Rethinking Betty Draper

 

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Recently I picked up the Feminine Mystique by Betty Friedan, a text I had always heard of and had always planned on reading to better my understanding of feminism (though pertaining to a select female grouping of the American population) and to add another notch in my literary belt. As I dove deeper into the text I was surprised by the fluidity in which it was written, as I have heard that it was a bland and difficult text to read (likely one of the complaints which had kept me from reading it). Further and further into the text Betty Draper crept into my mind, seeing her in Friedan’s examples of the housewife’s unidentifiable restlessness and anger, the panic and stagnant desires creeping their way into the forefront of their psyches. I’ve been a fan and longtime viewer of Madmen dating back to the first episode and have consistently found myself going back and forth on my views and feelings on Betty.

I felt for her, the redundancy of her day-to-day, the expectation to stand by her philandering albeit handsome man, Don Draper, the tedium of raising children (though she had plenty of help and leisure time). At the same time I felt perturbed as Betty’s seemingly faint awareness became known to her and still she held steadfast to the very life which choked the vibrancy out of her. I wanted her to break free of Don and for a while she stayed, while casting vicious judgements against women like Helen Bishop, though she secretly admired their tenacity and independence.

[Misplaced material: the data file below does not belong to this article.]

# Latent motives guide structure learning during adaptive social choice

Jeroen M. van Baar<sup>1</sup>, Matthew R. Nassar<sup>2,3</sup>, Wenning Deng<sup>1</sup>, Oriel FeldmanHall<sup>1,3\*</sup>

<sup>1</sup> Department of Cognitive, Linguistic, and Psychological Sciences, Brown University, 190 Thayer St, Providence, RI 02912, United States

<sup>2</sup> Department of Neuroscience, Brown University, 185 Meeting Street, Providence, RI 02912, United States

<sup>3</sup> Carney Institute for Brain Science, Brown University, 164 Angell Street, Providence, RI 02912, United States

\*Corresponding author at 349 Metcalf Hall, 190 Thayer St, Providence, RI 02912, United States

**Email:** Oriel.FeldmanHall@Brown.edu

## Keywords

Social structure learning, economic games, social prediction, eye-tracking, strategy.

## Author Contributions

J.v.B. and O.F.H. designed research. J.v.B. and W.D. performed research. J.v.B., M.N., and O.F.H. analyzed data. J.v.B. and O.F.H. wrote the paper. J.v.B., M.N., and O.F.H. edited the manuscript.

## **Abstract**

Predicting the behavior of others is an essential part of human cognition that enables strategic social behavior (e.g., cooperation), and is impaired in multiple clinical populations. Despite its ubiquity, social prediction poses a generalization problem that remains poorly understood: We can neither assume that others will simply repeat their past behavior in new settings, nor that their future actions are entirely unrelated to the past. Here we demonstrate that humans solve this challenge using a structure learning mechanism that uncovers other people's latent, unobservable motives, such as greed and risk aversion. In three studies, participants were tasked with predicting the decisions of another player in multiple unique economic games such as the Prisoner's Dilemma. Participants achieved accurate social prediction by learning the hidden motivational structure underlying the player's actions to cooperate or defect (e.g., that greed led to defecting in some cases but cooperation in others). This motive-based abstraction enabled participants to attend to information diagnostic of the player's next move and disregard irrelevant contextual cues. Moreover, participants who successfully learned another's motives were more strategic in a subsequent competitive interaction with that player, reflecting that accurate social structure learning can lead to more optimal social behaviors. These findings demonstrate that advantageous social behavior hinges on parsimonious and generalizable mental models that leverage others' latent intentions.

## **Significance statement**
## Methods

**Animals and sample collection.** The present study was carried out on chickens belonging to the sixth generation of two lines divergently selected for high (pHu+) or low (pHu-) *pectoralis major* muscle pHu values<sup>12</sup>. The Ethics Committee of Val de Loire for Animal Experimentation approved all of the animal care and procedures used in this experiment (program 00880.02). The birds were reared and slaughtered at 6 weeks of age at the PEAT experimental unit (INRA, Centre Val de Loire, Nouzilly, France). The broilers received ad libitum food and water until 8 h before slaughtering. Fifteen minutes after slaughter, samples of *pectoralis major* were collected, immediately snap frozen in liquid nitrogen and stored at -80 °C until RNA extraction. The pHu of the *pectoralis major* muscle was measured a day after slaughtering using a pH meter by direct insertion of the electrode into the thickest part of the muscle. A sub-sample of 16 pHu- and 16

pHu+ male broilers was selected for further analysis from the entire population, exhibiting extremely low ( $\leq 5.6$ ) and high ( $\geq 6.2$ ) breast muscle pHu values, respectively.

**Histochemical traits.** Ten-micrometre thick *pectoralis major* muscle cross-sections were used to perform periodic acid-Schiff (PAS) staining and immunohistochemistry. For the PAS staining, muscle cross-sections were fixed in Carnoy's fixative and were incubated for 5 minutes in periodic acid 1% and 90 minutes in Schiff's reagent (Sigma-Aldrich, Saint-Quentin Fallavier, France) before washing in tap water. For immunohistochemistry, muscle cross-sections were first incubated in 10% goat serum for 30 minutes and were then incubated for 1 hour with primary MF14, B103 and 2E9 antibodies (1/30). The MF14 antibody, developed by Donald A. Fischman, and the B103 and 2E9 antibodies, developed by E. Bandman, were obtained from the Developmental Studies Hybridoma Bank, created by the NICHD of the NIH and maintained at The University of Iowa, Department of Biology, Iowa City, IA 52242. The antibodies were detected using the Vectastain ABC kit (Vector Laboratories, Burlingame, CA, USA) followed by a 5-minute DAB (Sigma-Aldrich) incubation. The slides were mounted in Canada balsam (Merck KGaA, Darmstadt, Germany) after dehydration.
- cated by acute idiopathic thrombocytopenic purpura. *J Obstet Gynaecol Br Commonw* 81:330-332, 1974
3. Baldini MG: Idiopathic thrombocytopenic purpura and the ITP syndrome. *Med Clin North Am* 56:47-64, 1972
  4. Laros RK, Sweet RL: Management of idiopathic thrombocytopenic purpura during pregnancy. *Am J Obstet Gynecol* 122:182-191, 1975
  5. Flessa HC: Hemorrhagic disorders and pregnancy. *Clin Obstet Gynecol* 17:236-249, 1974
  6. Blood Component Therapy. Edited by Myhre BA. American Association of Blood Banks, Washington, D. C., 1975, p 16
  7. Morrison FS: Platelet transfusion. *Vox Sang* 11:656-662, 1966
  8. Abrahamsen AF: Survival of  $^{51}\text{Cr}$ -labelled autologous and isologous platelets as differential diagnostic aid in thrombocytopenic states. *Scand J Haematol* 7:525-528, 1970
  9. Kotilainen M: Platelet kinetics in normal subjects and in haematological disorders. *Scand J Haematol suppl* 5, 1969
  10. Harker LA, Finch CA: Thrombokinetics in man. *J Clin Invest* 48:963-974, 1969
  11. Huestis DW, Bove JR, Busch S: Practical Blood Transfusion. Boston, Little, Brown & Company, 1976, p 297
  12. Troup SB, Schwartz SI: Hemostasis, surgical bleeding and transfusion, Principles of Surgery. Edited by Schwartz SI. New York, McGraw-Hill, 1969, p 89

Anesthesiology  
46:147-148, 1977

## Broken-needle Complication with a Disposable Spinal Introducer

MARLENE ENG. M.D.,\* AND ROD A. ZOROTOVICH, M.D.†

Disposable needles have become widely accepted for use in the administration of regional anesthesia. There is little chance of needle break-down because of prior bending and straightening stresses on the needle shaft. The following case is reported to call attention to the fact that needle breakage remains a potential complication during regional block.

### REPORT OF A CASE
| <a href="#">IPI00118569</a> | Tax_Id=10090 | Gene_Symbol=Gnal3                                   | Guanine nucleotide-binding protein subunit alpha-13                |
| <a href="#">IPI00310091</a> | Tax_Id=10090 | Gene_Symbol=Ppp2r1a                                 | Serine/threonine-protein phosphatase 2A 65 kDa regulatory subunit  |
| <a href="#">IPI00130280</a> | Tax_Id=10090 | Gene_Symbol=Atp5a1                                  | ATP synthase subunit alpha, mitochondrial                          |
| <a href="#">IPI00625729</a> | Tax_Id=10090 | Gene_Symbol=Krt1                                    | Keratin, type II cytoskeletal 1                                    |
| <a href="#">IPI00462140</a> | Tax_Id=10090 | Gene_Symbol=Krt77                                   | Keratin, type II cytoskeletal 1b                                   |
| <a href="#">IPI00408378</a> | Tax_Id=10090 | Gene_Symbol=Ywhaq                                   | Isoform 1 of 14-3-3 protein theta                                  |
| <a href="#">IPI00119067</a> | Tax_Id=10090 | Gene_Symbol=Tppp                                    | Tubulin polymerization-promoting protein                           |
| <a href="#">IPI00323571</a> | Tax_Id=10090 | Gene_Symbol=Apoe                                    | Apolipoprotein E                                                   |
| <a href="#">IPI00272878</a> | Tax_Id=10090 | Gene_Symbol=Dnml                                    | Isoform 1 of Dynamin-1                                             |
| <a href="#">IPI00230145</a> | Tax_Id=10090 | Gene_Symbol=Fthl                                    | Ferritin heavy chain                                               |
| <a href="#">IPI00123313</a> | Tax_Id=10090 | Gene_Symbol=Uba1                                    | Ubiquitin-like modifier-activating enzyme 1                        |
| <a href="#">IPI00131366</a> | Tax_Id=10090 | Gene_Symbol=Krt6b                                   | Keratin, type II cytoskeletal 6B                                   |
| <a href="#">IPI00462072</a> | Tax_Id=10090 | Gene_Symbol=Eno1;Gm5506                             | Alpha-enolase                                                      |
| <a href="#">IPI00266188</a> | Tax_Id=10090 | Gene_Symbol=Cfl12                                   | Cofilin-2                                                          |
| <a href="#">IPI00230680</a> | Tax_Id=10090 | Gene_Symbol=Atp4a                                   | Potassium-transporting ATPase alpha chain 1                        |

I was floored by Freidan’s examples of major women’s publications lack of intellectual topic matter in magazines throughout the 1950s and well into the 60s. In a country where all women read about was how to make the perfect bunt cake, or rearing children for dummies, I can see how a woman like Betty came to be. She also described popular stories of women feigning helplessness to keep their husbands, women who were so ill-equipped for life outside of the home that they couldn’t even balance a check book, let alone write a proper bank deposit slip. Stories like these were popular.

In Betty Draper I see my fears of perceived womanhood that still loom over women today. I see a woman who has her wits and intelligence and uses them strategically. In Betty I see a person who has embraced conformity and realizes its many benefits and its many shortcomings. Betty Draper is such a dynamic character. Sometimes I hate her, other times I’m in awe of her. For the writer, Madmen is  a terrific show to watch as you see the growth and regression of characters which is essential to any good story. Madmen has mastered this.

Thinking of the points made in the Feminine Mystique I find myself in awe of Matthew Weiner, the creator of Madmen, and the vision he has had for the show and its characters. He has created a world which was present and a past which can still be seen in aspects of society today. Madmen ascertains a level of social examination few shows manage to do well. I love when I read something that has the power to broaden my perspective. As I mentioned before, the Feminine Mystique has its shortcomings, but it has its value in regards to the life of the middle class American woman during the twentieth century. If anything, it’ll grant you perspective on experiences unlike your own and those of your family.

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2 thoughts on “Rethinking Betty Draper

  1. This is perfect, I have so many feelings about Betty. Because you’re right, she’s smart, and so are the writers. Most of the time I hater her because of how manipulative she seems, but then there are moments when I admire her for that. It’s complicated, which all good characters/stories are, I guess.

    • I like that she embraces her inner bitch. More women should do this. Sometimes we concern ourselves with making everyone else happy all of the time, while forgetting that for ourselves.

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